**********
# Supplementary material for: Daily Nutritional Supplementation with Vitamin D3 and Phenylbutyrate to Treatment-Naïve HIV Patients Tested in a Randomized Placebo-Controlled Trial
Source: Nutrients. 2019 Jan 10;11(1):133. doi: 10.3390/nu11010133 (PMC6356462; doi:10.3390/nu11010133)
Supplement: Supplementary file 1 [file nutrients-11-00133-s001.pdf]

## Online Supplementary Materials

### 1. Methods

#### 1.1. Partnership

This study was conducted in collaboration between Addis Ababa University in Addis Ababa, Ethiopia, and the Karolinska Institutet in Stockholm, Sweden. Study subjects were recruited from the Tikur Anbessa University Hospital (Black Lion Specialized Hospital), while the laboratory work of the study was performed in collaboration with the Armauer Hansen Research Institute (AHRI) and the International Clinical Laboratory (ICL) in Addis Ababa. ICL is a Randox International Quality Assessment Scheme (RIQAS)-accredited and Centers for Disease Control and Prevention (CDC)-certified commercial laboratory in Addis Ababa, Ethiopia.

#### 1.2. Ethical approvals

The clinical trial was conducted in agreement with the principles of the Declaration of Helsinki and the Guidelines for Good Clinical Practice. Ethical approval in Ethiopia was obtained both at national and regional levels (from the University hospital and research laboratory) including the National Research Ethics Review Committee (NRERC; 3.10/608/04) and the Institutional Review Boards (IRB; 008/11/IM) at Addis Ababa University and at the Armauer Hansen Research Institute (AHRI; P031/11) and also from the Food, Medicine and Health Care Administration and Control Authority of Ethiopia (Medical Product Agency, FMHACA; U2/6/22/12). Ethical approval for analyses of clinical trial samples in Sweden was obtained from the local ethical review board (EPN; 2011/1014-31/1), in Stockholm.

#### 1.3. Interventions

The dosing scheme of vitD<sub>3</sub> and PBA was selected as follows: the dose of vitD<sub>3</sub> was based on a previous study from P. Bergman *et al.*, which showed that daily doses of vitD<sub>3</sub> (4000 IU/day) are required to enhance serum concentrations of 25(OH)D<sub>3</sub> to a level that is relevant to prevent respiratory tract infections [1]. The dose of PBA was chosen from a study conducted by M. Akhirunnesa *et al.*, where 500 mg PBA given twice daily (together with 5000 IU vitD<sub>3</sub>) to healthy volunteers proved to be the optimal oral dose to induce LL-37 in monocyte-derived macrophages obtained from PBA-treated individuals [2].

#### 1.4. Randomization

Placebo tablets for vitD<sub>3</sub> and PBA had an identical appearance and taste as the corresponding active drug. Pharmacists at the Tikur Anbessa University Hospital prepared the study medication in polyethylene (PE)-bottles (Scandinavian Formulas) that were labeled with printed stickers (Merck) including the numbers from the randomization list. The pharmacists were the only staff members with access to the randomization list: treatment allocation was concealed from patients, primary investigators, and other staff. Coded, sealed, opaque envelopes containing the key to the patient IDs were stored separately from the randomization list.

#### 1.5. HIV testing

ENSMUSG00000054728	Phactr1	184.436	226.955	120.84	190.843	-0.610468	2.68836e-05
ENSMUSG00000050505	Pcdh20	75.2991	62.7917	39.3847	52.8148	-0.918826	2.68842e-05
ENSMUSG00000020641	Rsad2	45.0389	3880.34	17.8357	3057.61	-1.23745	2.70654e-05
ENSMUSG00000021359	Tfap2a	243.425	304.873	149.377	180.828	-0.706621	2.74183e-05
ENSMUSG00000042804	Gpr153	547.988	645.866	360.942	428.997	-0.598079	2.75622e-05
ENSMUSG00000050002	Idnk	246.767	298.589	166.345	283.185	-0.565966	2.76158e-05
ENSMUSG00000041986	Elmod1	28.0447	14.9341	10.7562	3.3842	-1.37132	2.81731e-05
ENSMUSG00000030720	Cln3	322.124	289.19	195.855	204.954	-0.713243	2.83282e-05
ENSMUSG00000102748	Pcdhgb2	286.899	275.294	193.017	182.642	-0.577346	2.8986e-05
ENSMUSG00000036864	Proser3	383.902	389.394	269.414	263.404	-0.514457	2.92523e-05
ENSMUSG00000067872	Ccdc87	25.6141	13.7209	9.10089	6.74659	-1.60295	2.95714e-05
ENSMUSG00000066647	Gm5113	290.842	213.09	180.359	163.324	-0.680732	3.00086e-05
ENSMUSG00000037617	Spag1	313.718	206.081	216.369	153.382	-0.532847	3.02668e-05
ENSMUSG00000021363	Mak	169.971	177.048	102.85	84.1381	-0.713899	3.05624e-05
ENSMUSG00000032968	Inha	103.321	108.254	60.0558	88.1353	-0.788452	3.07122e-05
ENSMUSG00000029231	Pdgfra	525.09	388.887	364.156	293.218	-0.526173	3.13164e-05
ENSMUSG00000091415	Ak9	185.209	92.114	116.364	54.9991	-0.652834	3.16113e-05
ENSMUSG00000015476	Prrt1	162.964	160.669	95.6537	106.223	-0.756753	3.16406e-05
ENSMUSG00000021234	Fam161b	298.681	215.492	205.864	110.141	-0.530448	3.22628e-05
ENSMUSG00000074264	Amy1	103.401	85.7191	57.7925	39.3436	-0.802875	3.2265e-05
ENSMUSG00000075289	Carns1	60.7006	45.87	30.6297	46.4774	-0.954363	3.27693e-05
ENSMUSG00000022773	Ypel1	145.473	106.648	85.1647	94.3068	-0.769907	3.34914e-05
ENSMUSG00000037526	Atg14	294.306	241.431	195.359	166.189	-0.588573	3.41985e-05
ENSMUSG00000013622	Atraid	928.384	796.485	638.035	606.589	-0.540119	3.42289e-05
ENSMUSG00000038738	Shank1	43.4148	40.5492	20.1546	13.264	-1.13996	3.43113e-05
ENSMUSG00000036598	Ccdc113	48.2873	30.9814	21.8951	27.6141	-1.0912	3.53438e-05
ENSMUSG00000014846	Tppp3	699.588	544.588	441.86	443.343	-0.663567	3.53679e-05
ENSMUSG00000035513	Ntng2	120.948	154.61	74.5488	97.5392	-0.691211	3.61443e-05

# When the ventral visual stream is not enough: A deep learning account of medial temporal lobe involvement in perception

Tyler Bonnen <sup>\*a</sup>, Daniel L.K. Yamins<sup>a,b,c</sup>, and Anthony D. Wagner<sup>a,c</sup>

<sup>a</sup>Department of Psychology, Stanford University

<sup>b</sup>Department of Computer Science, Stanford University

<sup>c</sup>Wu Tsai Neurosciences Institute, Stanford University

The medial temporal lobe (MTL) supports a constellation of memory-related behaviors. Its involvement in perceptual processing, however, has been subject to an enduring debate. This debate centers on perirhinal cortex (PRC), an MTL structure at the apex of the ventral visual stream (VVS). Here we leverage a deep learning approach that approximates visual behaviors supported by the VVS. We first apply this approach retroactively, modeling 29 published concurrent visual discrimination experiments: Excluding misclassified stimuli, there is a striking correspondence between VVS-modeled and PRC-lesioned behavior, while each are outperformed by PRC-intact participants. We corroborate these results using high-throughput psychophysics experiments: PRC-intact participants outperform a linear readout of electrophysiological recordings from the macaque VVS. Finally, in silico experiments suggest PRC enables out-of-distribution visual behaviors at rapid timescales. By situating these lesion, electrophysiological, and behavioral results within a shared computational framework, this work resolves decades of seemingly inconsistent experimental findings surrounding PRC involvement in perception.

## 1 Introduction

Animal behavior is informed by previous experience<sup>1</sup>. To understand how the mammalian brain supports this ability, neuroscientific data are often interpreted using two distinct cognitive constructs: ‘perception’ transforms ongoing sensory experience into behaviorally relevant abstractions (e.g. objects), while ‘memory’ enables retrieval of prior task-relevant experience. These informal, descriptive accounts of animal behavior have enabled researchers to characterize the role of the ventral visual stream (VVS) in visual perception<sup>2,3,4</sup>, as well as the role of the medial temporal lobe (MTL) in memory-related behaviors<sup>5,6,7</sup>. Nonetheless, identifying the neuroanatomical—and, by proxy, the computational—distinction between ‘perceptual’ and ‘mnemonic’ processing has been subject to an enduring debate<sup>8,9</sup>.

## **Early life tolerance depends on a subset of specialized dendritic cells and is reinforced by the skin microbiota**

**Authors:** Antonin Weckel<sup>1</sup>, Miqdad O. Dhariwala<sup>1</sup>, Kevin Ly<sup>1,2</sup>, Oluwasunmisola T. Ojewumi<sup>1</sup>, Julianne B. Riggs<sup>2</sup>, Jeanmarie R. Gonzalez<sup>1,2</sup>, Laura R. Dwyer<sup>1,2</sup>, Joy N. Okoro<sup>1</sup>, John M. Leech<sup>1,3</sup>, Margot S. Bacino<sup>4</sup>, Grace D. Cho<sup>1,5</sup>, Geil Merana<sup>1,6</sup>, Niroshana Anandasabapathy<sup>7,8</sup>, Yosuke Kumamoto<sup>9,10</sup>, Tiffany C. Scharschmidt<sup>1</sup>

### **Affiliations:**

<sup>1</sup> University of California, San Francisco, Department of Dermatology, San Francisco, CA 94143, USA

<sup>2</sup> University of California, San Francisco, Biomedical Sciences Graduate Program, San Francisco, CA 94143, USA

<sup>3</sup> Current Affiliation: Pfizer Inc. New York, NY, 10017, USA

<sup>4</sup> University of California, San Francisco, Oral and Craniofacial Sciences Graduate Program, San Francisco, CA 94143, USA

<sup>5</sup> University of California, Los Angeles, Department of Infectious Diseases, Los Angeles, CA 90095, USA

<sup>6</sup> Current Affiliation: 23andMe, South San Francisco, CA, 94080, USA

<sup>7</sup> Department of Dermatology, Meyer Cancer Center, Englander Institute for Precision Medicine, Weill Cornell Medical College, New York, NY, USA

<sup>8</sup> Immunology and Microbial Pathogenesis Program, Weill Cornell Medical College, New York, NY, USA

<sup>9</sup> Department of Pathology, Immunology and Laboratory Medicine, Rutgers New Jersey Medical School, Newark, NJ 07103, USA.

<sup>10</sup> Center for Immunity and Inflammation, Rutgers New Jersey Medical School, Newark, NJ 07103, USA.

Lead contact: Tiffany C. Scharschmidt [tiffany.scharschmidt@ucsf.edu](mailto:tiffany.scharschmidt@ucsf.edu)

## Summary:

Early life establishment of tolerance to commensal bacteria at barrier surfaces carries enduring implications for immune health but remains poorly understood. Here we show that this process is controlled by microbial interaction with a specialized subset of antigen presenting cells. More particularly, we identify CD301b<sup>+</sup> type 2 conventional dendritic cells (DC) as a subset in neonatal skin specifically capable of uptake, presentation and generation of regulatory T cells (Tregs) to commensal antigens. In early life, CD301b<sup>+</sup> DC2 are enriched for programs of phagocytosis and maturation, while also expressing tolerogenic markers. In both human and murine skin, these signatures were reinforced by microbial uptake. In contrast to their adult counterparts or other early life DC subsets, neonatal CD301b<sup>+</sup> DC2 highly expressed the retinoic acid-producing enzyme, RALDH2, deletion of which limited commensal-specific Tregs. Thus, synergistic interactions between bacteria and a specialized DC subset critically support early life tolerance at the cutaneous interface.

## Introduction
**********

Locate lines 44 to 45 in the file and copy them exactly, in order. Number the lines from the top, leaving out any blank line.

Tyler Bonnen <sup>\*a</sup>, Daniel L.K. Yamins<sup>a,b,c</sup>, and Anthony D. Wagner<sup>a,c</sup>

<sup>a</sup>Department of Psychology, Stanford University